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A checklist of dictation activities

This list is taken from the book Breaking the Sound Barrier (Conti and Smith, 2019). You could try some of these to vary the way you do transcription or dictation exercises. Some are suitable for near beginners (A1), others for Y9 (low intermediate) and above (A1/A2).


Delayed dictation

1. Say a sentence that students are familiar with, or containing at least 95% comprehensible input, and tell them to 'hold it inside their heads'.
2. As they do this, make funny noises or utter random French words to distract them for a few seconds. (Or just have silence.)
3. Finally ask them to write the sentence on their mini-whiteboards and show you their answers.


Mad dictation

Select a text containing familiar sentence patterns or highly comprehensible input. 

1. Tell students to listen to the text as you read it at near-natural speed and to note down key words.
2. Tell them to pair up with another student and compare the key words they noted. Tell them they are going to work with that person for the rest of the task.
3. Read the text a second time, reading some bits slowly, some fast and some at moderate pace. The purpose of these changes of speed is to deliberately get students to miss some of the words.
4. Students work again with their partner to reconstruct the text.
5. Read the text a final time, still varying the speed of delivery.
6. Give the students another chance to work with their partner.
7. They get 30 seconds to go around the tables and compare notes with other pairs.


Running dictation

1. Put the students in groups of four and name them 1, 2, 3 and 4.
2. Put up on the classroom walls, as far from where students are seated as possible, a sheet with the text for each group.
3. Students 1 and 2 take turns walking briskly to their designated sheet, memorising a sentence or more from the sheet, returning and repeating it to students 3 and 4 who transcribe what they hear. It is then the turn of students 3 and 4, etc. until the text has been written down.
4. Give students five minutes to proof-read the text.
5. Allow a minute to check anything they have doubts about by running to the designated sheet and relaying the information back to the rest of the group (students 1 and 2 first, then 3 and 4).

Tip: you may prefer to just play this game in pairs.


Scaffolded dictation

Students often find traditional teacher-led dictation difficult, but you can be scaffold the activity in various ways:

1. Supply the first letter of each word. This simple variation adds a further puzzle-solving element students may appreciate.
2. Supply all consonants, but no vowels, or vice versa. This resembles activities described above.
3. Provide a gapped version omitting chosen grammatical points such as articles, verbs or prepositions. This helps develop students’ parsing skills when listening subsequently.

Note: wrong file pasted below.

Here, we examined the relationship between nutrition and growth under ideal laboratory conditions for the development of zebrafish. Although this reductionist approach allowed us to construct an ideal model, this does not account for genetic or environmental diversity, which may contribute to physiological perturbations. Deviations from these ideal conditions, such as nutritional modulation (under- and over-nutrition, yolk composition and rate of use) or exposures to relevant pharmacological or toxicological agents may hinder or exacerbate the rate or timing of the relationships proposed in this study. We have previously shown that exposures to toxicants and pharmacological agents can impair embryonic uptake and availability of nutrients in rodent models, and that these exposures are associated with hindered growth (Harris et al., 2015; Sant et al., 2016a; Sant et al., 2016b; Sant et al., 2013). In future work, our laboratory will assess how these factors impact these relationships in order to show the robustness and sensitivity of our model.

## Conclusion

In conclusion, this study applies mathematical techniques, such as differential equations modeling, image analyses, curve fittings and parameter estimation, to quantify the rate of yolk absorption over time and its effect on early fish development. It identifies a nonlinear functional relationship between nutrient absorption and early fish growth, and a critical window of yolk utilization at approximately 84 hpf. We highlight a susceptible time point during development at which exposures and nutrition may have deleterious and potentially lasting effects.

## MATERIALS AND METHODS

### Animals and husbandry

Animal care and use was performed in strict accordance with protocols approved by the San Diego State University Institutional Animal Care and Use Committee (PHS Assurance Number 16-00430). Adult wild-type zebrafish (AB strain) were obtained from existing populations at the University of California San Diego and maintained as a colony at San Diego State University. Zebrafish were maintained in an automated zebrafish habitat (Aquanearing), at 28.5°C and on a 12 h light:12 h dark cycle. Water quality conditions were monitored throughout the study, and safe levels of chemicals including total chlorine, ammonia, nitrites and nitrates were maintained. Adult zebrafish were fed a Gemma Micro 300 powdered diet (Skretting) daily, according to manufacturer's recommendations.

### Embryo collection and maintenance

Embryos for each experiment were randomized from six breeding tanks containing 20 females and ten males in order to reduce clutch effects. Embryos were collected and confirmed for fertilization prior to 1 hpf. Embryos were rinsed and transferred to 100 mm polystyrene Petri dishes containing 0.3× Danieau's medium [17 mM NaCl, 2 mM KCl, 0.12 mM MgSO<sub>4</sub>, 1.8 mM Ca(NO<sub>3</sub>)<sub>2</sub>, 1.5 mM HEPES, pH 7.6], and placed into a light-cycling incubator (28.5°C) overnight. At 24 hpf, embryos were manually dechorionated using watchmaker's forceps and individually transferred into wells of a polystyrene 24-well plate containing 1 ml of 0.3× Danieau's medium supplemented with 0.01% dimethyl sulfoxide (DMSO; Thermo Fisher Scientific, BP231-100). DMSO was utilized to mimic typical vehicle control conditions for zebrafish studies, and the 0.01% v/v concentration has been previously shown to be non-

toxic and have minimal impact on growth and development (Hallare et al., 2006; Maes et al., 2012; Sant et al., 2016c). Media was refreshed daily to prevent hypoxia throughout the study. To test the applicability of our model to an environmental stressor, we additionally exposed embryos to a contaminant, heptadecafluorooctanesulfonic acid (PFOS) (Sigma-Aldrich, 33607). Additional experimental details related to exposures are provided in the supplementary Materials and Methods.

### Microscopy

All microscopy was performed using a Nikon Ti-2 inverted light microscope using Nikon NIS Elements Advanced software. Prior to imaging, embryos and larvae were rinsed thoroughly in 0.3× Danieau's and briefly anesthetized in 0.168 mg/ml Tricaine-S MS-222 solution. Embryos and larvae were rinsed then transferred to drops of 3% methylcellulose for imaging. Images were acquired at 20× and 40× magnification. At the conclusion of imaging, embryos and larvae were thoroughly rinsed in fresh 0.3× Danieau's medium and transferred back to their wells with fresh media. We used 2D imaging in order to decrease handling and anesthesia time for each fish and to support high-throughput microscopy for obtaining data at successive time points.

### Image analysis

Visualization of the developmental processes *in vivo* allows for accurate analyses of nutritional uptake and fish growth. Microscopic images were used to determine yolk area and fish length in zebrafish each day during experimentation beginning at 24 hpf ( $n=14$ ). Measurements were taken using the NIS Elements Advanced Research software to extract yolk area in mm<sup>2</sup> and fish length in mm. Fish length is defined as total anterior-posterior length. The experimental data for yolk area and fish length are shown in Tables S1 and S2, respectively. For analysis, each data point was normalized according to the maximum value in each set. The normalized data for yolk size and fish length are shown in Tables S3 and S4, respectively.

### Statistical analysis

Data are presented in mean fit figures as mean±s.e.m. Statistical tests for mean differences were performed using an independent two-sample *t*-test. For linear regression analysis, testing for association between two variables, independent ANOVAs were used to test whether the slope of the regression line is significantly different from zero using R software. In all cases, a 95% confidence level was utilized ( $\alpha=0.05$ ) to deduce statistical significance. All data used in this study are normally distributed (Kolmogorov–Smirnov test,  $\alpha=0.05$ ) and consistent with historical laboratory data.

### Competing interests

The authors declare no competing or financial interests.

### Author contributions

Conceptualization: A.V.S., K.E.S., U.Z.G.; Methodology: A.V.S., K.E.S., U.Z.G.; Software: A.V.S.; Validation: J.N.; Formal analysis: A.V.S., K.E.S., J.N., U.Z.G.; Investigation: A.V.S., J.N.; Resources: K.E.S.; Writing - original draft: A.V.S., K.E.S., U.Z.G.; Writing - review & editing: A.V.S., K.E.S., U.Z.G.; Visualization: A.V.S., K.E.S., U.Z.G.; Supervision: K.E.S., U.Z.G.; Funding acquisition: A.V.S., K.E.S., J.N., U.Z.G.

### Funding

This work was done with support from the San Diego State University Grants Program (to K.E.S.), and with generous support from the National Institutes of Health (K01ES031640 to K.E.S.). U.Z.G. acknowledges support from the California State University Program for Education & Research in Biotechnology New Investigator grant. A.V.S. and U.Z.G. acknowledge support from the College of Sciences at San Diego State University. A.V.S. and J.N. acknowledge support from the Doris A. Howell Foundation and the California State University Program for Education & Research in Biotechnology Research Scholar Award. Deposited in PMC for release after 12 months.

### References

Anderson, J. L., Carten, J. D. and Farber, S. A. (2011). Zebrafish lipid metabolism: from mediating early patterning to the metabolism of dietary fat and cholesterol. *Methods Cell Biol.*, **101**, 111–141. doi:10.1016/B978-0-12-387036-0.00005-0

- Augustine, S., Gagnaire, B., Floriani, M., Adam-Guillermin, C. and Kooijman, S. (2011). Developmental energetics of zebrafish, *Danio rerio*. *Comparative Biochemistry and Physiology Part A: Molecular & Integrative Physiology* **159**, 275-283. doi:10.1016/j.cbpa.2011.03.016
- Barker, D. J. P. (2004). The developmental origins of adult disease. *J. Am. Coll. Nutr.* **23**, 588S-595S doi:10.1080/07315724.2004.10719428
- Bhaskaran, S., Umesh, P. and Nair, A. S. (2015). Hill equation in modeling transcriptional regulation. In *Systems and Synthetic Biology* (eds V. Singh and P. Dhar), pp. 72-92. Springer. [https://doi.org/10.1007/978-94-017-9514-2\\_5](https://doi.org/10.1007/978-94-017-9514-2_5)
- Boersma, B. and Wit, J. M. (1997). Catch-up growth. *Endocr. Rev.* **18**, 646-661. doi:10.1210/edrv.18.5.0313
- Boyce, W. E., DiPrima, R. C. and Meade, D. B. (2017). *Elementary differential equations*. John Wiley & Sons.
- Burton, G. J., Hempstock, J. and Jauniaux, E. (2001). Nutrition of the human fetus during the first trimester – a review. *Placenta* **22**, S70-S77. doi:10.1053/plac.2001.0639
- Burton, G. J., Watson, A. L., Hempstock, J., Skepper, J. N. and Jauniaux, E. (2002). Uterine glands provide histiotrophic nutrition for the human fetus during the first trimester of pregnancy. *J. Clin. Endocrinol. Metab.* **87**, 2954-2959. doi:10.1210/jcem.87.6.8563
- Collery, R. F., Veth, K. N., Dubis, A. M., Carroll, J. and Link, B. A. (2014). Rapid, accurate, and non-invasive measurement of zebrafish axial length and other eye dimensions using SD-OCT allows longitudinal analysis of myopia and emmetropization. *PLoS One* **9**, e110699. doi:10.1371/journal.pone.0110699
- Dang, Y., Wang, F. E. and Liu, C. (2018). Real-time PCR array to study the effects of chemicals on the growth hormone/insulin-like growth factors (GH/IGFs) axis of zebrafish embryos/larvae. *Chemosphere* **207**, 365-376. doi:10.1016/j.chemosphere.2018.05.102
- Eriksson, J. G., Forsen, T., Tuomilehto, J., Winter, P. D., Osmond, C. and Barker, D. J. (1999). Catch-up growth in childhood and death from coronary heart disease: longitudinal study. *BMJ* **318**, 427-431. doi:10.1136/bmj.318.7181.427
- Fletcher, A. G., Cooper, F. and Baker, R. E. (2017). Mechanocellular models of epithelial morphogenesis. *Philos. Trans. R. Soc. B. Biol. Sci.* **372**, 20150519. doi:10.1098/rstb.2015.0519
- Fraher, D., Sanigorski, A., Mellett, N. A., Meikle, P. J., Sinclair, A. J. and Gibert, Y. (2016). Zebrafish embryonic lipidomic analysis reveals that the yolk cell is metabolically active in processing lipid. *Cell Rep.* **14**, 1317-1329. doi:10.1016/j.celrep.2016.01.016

4. Provide a translation; give students a translation in L1 of the text you read. This allows them to focus on form (phonics) less than meaning, lightening the load on memory.


Paired gapped dictation

1. Students work with a partner (possibly back to back). Student A has a complete text, student B a version with gaps.
2. Student A reads to student B, a phrase at a time. Student B can ask for repetitions.
3. After a given time stop the activity and get the pairs to correct the dictation.


Group dictation

1. Students work in groups of four or five. Choose a more proficient student in each group to be the reader. Give that person a copy of a short comprehensible text, possibly with plenty of particular sound-spelling correspondences you wish to practise.
2. The reader carries out the dictation as a teacher would, reading a phrase at a time twice. The other students write their transcription.
3. After a given time display the correct transcription for all students to correct. The reader in each group can support the others, then another person can become the reader. 


Grading dictation

1. Dictate a number of personalised sentences of the type I get up at 6 o’clock.
2. Students transcribe the sentence, adding an adverb of frequency to evaluate the statement, e.g. never, occasionally, sometimes, often and always.
3. Display the sentences and ask students how they graded the statements.


False facts dictation

1. Dictate some sentences, each one containing a false fact. The sentences could relate to general knowledge or something recently studied in class.
2. Students transcribe and try to underline where they think the error is.
3. Display the sentences and ask students what the factual problem was in each case.


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